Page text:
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OU Calls on Senators to Approve Marriage Penalty Rollback (II)

Posted on April 12, 2000 In Press Releases, Family Friendly Tax Policy

At a Capitol Hill press conference, the Union of Orthodox Jewish Congregations of America, through its Institute for Public Affairs called upon members of the U.S. Senate to approve a measure designed to abolish the tax code’s unfair treatment of married couples.

Currently, public policy, as embodied by the federal tax code, treats married couples unfavorably as compared to unmarried couples. This is reflected in the simple fact that many married couples filing jointly pays higher taxes than if the same couple with the same earnings paid their taxes separately. This “penalty” hits hard-working, lower to middle income families, with two working parents when the higher-earner of which makes between $20,000 and $75,000 per year. Nathan Diament, director of the Union’s public policy arm, issued the following statement at today’s news conference:

In the earliest chapters of the Bible, God established that “it is not good for man to be alone” and He then created Eve – and thereby the first ‘marriage.’ It is perhaps for this reason – that God Himself joined Adam and Eve together as the first husband and wife, that in the Jewish tradition, the institution of marriage is recognized as so significant and so central to any society that it is referred to as kiddushin, or “holiness.”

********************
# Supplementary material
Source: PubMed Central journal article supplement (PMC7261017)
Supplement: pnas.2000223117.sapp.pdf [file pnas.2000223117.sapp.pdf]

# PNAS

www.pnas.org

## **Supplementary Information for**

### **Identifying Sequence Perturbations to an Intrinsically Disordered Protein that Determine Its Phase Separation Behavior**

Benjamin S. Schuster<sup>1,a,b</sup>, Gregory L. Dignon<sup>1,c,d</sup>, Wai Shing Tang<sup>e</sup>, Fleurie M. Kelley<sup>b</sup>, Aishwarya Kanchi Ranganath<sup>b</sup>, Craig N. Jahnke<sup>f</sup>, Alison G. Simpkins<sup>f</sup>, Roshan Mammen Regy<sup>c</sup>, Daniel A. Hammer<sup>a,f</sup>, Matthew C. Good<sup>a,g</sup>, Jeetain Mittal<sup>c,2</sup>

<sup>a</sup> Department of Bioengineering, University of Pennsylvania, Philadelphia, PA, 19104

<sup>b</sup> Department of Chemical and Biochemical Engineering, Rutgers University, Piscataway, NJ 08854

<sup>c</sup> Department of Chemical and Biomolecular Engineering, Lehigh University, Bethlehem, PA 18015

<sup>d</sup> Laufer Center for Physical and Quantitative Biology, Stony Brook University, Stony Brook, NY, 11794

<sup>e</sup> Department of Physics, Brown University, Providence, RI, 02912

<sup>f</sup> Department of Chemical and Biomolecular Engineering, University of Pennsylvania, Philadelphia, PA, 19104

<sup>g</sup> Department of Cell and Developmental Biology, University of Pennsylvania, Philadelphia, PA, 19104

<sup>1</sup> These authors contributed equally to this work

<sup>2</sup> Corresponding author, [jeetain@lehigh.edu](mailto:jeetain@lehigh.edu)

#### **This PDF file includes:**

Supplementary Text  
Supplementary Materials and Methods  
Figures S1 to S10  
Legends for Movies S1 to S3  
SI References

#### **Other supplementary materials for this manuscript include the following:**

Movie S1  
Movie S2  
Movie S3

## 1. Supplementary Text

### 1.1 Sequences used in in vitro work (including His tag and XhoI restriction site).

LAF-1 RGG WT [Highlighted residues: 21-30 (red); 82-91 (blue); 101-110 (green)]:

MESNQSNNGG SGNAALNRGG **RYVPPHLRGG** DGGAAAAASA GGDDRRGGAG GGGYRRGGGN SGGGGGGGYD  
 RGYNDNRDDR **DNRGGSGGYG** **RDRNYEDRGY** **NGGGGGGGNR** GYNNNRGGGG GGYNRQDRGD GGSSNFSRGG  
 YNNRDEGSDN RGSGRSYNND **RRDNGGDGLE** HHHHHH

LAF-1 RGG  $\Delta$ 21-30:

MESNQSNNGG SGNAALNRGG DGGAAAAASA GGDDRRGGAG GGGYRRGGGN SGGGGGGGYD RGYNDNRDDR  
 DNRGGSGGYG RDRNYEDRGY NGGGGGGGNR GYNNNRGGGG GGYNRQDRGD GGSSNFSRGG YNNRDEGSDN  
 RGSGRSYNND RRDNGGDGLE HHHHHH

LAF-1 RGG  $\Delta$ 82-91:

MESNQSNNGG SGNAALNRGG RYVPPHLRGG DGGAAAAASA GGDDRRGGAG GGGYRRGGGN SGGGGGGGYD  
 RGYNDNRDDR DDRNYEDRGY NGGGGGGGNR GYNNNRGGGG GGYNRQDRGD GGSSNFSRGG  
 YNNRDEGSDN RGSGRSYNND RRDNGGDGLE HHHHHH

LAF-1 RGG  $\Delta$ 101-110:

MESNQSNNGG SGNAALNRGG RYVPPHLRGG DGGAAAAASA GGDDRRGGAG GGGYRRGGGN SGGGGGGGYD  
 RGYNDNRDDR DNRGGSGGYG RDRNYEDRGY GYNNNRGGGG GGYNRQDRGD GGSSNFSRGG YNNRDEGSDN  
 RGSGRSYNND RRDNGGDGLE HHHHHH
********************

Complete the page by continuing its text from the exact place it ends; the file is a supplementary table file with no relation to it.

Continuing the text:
The family, with marriage as its centerpiece is not just another social institution – it is the best means we have yet discovered for nurturing future generations. It is where we learn the basics of being humans. That is why next week, Jews around the world will celebrate the holiday of Passover – the festival that marks the birth of our People – not in the synagogue, but in the home, among family. Nothing else – not schools, the media or government – shapes us and what we will become as our childhood experience. Even Adam Smith-the early prophet of capitalism – recognized that alongside the free market, society must sustain institutions whose inner logic was the reverse of market sensibilities – and chief among those the family. It is there, from parents, that we learn altruism and sympathy – traits essential to a civil society.

America’s tradition has similarly recognized the centrality of marriage and should support it with marriage-friendly public policy. American society expresses its public values through its laws, including its tax laws that often encourage or discourage behavior. It is hard to believe that in 2000 we must stand up and say that our laws should be structured in a manner that supports the critical institution of marriage. The Union of Orthodox Jewish Congregations urges the Senate to pass a measure that ensures no married couple is penalized by our tax code.